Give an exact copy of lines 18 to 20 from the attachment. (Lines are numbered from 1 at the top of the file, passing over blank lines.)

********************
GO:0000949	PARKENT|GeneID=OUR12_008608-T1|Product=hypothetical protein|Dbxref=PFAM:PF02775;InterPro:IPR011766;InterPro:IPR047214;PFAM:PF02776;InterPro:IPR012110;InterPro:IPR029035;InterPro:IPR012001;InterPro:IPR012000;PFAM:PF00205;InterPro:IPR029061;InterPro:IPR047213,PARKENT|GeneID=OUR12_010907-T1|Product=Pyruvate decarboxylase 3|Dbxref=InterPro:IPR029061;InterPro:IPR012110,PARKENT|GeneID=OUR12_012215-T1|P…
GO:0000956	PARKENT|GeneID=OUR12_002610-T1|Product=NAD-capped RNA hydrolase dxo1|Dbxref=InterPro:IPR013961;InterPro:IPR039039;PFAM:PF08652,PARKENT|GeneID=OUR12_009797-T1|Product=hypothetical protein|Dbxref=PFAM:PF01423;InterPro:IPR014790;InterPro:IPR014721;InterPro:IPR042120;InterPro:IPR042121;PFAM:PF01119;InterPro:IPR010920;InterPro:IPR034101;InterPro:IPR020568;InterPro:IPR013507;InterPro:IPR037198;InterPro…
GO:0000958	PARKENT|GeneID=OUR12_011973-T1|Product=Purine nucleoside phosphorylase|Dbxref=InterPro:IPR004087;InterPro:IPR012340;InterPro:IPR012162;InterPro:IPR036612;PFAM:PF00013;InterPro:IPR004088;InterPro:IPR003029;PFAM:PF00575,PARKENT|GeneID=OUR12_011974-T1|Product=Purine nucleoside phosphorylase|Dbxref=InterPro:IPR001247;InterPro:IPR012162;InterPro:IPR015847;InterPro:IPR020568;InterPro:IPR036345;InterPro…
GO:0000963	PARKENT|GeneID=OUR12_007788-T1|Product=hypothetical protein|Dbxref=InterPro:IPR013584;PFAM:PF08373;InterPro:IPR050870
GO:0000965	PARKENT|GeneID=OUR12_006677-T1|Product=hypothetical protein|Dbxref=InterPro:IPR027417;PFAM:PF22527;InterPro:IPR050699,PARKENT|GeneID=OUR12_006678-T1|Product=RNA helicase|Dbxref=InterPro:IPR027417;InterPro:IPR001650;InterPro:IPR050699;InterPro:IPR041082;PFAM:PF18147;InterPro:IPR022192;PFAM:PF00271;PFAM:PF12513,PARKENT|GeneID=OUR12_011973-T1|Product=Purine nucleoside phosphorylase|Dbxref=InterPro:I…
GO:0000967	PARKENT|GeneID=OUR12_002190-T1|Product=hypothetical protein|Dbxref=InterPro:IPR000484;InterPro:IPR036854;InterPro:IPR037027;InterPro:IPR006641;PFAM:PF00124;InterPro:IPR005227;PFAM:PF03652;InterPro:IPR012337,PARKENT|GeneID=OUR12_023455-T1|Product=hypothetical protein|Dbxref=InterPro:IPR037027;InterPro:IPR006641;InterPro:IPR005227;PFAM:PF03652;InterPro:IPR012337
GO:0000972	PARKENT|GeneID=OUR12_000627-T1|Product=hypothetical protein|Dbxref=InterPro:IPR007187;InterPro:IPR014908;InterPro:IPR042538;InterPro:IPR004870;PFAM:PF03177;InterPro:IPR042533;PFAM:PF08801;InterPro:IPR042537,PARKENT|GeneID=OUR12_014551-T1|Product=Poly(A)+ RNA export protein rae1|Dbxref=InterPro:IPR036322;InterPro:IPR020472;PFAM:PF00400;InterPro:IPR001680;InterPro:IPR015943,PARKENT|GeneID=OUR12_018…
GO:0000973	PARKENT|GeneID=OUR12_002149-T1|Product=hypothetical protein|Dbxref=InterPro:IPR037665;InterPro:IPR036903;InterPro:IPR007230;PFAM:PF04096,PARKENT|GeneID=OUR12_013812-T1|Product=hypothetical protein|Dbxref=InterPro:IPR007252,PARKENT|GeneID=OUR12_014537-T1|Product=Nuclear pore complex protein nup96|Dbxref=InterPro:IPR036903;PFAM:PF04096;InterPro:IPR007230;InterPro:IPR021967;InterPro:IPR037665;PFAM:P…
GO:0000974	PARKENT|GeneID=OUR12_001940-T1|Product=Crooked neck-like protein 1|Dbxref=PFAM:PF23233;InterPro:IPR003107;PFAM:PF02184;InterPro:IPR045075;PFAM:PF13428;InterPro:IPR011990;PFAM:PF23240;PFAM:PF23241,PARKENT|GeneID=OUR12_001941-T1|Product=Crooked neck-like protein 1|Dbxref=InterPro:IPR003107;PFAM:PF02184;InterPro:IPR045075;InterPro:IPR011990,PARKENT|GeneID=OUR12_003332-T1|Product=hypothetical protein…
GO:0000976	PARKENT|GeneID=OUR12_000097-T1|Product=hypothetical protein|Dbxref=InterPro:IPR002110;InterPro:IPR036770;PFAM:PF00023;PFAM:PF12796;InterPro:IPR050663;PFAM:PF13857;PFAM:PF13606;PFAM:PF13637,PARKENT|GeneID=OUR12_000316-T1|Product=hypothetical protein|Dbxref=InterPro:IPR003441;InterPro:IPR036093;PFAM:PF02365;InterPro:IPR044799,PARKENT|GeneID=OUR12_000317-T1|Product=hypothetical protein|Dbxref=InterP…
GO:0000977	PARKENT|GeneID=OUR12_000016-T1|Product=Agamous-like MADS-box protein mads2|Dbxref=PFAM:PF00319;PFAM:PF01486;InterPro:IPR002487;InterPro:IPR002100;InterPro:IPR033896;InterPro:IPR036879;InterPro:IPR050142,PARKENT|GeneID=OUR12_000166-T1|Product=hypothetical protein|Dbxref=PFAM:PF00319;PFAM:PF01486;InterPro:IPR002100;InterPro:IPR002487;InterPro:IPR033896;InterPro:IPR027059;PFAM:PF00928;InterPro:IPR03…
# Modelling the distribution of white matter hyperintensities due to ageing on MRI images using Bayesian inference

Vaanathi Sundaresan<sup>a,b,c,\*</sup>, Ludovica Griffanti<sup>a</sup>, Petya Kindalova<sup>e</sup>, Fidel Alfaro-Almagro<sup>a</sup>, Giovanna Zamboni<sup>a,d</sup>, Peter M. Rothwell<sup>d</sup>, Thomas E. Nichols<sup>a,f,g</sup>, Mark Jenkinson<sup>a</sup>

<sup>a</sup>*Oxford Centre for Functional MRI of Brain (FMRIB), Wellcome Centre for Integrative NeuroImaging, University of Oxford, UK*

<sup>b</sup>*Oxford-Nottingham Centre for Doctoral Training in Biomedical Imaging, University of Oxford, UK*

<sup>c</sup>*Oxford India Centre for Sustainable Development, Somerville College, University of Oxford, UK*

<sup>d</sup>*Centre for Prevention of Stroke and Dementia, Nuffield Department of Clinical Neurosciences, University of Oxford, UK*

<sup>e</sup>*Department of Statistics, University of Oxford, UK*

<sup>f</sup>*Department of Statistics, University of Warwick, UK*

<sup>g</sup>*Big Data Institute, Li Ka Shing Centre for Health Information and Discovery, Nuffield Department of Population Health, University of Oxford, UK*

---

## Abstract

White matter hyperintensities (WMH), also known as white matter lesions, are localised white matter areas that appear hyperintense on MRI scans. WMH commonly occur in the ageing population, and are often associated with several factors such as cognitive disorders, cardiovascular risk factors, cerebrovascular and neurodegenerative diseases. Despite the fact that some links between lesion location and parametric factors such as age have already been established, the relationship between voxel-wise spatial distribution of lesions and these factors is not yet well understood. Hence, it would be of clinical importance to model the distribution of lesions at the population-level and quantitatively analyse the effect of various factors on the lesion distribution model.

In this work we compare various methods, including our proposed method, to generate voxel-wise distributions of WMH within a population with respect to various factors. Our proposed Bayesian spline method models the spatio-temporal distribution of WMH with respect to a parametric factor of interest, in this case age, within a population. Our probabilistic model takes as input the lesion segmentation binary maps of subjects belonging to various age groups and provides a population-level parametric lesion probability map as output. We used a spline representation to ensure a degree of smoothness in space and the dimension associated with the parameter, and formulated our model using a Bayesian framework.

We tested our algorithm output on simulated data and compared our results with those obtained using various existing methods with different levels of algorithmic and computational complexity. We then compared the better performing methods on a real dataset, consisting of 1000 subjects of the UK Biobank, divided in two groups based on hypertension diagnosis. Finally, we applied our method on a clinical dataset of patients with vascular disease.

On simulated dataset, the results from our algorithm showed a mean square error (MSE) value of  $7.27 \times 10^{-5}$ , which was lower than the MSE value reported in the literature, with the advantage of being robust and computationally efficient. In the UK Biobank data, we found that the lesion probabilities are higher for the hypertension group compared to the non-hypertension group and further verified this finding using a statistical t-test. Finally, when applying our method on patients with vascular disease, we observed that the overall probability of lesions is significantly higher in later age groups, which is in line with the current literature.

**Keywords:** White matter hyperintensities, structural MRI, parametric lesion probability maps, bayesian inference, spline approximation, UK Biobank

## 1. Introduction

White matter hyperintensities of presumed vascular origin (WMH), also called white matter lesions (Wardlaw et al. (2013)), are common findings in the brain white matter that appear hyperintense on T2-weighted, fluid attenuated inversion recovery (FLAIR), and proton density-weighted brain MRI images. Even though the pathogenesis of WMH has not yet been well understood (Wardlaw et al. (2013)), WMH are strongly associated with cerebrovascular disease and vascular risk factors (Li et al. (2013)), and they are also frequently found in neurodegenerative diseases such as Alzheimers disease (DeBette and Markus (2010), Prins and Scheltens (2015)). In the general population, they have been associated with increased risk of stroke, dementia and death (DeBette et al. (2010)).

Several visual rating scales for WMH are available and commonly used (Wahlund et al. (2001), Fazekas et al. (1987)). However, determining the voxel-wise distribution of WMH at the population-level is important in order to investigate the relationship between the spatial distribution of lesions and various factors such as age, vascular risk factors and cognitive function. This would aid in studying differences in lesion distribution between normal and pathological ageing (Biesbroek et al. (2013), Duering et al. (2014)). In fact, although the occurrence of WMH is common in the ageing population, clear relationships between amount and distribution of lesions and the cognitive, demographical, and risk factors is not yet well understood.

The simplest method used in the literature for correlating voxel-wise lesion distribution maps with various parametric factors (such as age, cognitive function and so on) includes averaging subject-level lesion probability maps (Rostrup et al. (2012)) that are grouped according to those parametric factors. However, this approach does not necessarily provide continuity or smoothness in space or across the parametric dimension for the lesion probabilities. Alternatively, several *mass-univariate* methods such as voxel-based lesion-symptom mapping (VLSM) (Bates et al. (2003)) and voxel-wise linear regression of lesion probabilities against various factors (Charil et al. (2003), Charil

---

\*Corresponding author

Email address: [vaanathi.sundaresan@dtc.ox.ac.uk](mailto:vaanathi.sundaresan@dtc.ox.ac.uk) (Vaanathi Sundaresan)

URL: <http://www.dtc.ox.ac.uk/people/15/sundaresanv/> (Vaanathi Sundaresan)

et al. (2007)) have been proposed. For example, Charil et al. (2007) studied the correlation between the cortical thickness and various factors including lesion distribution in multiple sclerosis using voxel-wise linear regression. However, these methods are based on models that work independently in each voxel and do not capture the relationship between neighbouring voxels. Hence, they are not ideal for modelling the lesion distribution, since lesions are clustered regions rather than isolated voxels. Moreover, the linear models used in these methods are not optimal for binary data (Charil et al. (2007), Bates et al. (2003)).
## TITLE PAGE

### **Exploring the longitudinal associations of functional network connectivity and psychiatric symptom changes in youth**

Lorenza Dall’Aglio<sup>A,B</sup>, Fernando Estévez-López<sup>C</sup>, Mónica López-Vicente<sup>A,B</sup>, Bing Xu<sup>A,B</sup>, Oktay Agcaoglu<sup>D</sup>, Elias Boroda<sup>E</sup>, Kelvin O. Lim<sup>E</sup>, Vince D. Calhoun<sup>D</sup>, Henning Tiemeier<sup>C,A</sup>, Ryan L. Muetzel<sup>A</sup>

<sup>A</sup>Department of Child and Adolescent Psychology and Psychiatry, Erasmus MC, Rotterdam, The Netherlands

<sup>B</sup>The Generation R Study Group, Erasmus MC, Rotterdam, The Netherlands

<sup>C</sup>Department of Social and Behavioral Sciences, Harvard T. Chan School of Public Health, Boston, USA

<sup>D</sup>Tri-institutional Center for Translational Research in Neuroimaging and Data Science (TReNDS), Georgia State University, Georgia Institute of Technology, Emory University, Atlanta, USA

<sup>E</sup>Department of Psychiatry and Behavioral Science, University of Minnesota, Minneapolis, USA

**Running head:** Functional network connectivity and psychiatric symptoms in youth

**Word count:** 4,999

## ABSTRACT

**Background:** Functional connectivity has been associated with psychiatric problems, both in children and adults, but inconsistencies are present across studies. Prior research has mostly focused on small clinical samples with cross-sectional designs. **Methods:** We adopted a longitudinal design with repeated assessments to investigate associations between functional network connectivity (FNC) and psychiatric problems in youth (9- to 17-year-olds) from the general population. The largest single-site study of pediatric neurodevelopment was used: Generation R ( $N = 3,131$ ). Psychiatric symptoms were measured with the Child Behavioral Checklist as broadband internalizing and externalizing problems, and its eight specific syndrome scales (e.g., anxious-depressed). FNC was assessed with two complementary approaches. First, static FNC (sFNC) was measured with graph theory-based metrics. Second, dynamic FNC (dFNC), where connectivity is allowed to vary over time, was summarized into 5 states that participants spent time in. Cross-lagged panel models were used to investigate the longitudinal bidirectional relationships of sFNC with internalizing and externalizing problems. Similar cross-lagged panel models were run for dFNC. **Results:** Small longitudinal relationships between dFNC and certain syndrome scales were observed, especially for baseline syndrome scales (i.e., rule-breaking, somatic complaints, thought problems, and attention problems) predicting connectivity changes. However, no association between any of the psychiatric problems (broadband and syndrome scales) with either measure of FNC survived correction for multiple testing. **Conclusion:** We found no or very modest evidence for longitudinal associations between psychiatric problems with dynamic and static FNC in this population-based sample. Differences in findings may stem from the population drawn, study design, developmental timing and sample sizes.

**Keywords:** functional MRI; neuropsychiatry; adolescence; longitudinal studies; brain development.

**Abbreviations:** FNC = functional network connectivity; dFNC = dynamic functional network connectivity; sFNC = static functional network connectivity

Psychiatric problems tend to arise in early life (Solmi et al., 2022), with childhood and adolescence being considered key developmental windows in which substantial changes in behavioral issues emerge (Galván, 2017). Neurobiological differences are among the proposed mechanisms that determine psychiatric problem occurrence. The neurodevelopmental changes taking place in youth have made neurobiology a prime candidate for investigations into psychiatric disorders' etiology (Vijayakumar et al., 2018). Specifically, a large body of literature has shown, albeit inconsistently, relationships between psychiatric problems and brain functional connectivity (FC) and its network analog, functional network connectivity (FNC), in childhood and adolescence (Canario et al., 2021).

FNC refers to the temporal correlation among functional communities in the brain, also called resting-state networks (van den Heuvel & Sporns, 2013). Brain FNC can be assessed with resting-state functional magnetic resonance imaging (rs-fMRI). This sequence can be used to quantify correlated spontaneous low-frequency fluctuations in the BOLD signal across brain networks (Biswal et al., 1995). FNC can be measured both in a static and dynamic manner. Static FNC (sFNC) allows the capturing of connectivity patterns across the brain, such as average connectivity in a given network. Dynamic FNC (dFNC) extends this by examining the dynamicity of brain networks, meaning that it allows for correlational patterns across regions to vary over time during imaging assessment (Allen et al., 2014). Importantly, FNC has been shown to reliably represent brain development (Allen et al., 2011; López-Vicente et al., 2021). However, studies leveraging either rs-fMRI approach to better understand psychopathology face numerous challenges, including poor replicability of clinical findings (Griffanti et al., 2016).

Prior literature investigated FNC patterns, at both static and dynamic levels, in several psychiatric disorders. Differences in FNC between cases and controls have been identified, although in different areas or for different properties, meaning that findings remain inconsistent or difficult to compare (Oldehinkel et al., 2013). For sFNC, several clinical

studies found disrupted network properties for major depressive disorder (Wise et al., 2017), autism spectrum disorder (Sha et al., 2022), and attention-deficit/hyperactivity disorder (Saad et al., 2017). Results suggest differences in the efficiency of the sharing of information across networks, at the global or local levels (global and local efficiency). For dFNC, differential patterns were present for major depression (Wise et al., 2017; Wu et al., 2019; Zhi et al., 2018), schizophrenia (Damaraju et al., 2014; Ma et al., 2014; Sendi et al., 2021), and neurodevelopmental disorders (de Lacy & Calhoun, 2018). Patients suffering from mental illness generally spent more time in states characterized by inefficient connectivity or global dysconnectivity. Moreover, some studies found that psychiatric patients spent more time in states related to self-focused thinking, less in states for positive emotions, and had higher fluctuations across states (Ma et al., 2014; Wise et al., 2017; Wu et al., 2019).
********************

<sup>e</sup>*Department of Statistics, University of Oxford, UK*

<sup>f</sup>*Department of Statistics, University of Warwick, UK*

<sup>g</sup>*Big Data Institute, Li Ka Shing Centre for Health Information and Discovery, Nuffield Department of Population Health, University of Oxford, UK*